• Man Copes With the Death of His Wife By Hiking

 Man Copes With the Death of His Wife By Hiking

What may become my standard opener for posts about death and grief:

My mother died a little bit before the year 2010 (yes, I am being intentionally sketchy about specifics because I would like to remain anonymous).
I discovered the hard way after my mother’s passing, and I was shocked and deeply saddened and disappointed to find, that most Christians are terrible at helping someone who is in grief.
Many Christians do not even want to try to be there for someone who has experienced loss, whether out of laziness, selfishness, or feeling uncomfortable with open expressions of emotional pain.
Whatever the reason, most Christians do not want to weep with the one who weeps and therefore leaves them to cope with the loss completely alone, which I feel is terrible and insensitive.


I watched a Christian program that involved a man whose wife died of breast cancer. He started hiking to cope with the loss.

Before I get to the link and his story, I wanted to use his story as a reminder: conservative Christians keep offering this fairy tale story that marriage will solve all a person’s problems.

The conservative church portrays singleness after the age of 25 as being second class or merely a waiting period until one eventually marries (what if one never marries? they never address this possibility).

Getting married is not a solution to loneliness, financial problems, or about anything else problematic, as so many Christians like to portray it.

Should you marry, your spouse may turn out to be abusive (whether physically, emotionally, verbally, or financially), your spouse may announce one day that he’s not in love with you any longer and wants to divorce you to marry another; or, your spouse may come down with a mental health problem or get into a car wreck and become paralyzed.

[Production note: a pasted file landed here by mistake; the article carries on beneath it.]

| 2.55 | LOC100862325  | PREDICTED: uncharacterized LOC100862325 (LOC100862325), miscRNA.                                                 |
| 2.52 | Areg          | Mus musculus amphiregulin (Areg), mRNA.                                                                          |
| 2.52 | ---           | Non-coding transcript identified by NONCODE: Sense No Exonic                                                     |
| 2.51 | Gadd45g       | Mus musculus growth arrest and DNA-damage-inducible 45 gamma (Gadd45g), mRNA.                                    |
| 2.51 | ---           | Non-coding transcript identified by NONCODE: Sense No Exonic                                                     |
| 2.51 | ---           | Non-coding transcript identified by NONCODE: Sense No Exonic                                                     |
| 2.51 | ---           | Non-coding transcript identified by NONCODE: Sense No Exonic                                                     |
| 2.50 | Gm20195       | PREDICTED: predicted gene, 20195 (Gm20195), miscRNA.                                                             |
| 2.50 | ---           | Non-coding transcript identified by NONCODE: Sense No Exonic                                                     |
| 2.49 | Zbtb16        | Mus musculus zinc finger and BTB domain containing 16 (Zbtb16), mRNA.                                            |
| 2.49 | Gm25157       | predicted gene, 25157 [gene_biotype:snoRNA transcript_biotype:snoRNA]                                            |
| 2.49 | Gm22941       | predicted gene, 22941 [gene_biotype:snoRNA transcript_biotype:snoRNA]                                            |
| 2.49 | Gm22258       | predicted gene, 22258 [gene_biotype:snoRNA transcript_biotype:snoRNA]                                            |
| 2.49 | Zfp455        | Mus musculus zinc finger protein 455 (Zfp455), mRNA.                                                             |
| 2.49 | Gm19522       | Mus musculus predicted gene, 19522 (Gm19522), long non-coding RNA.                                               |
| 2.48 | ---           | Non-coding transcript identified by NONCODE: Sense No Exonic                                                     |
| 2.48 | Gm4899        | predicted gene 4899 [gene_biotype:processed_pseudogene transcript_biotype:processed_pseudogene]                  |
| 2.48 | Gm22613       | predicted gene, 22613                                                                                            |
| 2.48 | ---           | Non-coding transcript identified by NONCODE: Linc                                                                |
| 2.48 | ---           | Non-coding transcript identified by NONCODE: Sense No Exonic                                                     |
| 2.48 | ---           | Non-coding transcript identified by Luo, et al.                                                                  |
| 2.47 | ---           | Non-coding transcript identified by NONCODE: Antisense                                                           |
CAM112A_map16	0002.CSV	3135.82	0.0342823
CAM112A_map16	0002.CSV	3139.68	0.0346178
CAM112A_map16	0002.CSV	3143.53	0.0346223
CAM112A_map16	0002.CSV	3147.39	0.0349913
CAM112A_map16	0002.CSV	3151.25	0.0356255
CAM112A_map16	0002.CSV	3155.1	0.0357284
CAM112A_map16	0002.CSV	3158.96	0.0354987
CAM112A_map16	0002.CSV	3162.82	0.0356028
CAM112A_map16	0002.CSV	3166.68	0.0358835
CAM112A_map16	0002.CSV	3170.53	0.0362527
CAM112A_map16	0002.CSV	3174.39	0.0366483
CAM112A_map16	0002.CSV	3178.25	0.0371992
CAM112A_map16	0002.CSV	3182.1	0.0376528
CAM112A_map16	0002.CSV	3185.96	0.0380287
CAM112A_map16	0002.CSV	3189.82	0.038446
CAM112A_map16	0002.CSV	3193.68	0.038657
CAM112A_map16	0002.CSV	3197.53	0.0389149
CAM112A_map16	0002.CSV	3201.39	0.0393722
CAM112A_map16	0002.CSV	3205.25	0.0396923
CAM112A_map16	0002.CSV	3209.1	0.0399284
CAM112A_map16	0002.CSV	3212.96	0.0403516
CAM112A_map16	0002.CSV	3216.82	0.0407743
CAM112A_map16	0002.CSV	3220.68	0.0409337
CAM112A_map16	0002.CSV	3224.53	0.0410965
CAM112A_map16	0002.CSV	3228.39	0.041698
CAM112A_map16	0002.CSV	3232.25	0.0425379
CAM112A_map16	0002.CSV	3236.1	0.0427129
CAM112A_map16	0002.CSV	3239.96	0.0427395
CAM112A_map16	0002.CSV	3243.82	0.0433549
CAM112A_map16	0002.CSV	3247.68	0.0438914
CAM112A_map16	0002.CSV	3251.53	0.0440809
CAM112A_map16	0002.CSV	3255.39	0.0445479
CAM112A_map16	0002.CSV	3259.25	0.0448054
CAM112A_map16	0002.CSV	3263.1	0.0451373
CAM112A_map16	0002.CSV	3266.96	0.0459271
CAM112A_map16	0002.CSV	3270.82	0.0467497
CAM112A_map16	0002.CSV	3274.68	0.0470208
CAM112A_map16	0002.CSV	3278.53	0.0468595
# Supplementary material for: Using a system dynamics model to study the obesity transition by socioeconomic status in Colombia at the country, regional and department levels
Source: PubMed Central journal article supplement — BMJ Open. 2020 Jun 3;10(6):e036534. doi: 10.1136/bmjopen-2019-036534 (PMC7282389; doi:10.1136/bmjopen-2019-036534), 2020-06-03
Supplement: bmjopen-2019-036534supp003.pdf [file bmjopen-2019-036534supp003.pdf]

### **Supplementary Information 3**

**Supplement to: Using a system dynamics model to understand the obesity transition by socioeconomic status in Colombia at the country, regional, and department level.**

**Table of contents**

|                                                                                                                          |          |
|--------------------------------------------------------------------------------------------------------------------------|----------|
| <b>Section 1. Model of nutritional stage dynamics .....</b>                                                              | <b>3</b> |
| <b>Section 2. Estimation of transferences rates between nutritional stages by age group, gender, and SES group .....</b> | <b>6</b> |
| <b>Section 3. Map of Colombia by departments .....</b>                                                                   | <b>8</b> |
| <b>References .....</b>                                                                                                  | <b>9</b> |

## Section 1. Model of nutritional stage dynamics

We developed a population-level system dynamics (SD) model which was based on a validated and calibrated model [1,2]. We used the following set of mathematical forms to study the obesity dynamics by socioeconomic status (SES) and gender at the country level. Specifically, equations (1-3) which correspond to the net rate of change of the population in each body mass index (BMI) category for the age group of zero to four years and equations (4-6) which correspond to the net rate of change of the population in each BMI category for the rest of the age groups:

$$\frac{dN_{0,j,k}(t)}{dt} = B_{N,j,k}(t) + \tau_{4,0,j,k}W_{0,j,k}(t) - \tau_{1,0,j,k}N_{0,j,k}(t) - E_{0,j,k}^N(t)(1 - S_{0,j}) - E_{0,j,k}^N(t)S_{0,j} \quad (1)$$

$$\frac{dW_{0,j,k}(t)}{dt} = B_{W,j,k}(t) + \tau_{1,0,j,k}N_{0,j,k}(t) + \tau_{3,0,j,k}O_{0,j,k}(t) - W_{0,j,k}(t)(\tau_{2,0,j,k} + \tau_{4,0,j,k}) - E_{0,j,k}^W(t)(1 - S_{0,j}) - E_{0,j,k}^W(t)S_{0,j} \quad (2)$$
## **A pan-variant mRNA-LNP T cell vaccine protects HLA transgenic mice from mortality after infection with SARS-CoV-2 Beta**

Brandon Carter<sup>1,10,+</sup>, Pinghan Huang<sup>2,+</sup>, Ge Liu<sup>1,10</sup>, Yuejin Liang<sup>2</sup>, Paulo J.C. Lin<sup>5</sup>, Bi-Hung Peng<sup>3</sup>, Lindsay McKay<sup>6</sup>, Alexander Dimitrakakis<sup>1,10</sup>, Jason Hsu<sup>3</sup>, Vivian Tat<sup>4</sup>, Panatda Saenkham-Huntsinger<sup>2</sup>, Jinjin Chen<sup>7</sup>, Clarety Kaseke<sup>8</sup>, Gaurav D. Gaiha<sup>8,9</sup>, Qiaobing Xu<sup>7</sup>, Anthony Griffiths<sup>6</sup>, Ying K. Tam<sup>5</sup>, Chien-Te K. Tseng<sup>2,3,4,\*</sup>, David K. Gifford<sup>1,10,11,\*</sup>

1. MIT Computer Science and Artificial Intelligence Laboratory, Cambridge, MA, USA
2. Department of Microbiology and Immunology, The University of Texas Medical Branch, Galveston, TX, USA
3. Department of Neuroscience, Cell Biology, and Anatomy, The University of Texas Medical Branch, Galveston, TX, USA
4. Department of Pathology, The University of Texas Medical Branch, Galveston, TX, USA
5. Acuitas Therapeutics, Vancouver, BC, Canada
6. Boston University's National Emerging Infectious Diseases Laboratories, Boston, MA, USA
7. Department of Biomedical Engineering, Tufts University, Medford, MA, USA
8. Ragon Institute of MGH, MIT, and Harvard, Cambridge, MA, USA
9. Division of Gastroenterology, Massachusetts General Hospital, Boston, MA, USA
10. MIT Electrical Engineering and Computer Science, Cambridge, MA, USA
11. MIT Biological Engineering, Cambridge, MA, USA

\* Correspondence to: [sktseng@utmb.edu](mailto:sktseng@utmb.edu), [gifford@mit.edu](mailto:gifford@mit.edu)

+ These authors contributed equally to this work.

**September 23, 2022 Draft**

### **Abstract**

And, of course, as this post shows, should you marry, your spouse may die from a physical cause.

Hiking Through – One Man’s Great Adventure on the Appalachian Trail

Snippets:

Each year thousands of people attempt to hike the entire Appalachian Trail from start to finish. Only one in four completes it. When then 58-year-old Paul Stutzman took his first steps on the 2,176 mile journey, he wanted more than a great adventure. He was looking for an encounter with God.

Years before, Paul was busy living life. He was happily married, had three children and a great job managing a large restaurant in Ohio’s Amish country.  Then in 2002, doctors diagnosed his beloved wife Mary with breast cancer. Although they did everything they could and believed God would heal her, Mary passed away four years later.

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• Regarding Grief, Sickness, and Depression: Hold Your Tongue and Offer Your Heart Instead by Heather Plett

Regarding Grief, Sickness and Depression: Hold Your Tongue and Offer Your Heart Instead by Heather Plett

This is a topic I’d like to see addressed more often on some of the other spiritual abuse blogs out there. The link to the Plett-authored essay is much farther below. I wanted to say a few words first.

Many Christians are either too lazy, too selfish, or too inept at assisting someone who is walking through grief.

After my own mother died a few years ago, no Christians were there for me, and it still shocks and saddens me to this day.

When I did muster the courage to phone or to open up to Christians (some church people, some were relatives, all of whom were ages 45 and on up), I was not met with compassion and empathy.

Rather, I was met with cliches,  sunny-sounding platitudes, criticism, judgmentalism, people who downplayed my grief (by comparing it to someone else’s pain in life and saying my grief was nothing).

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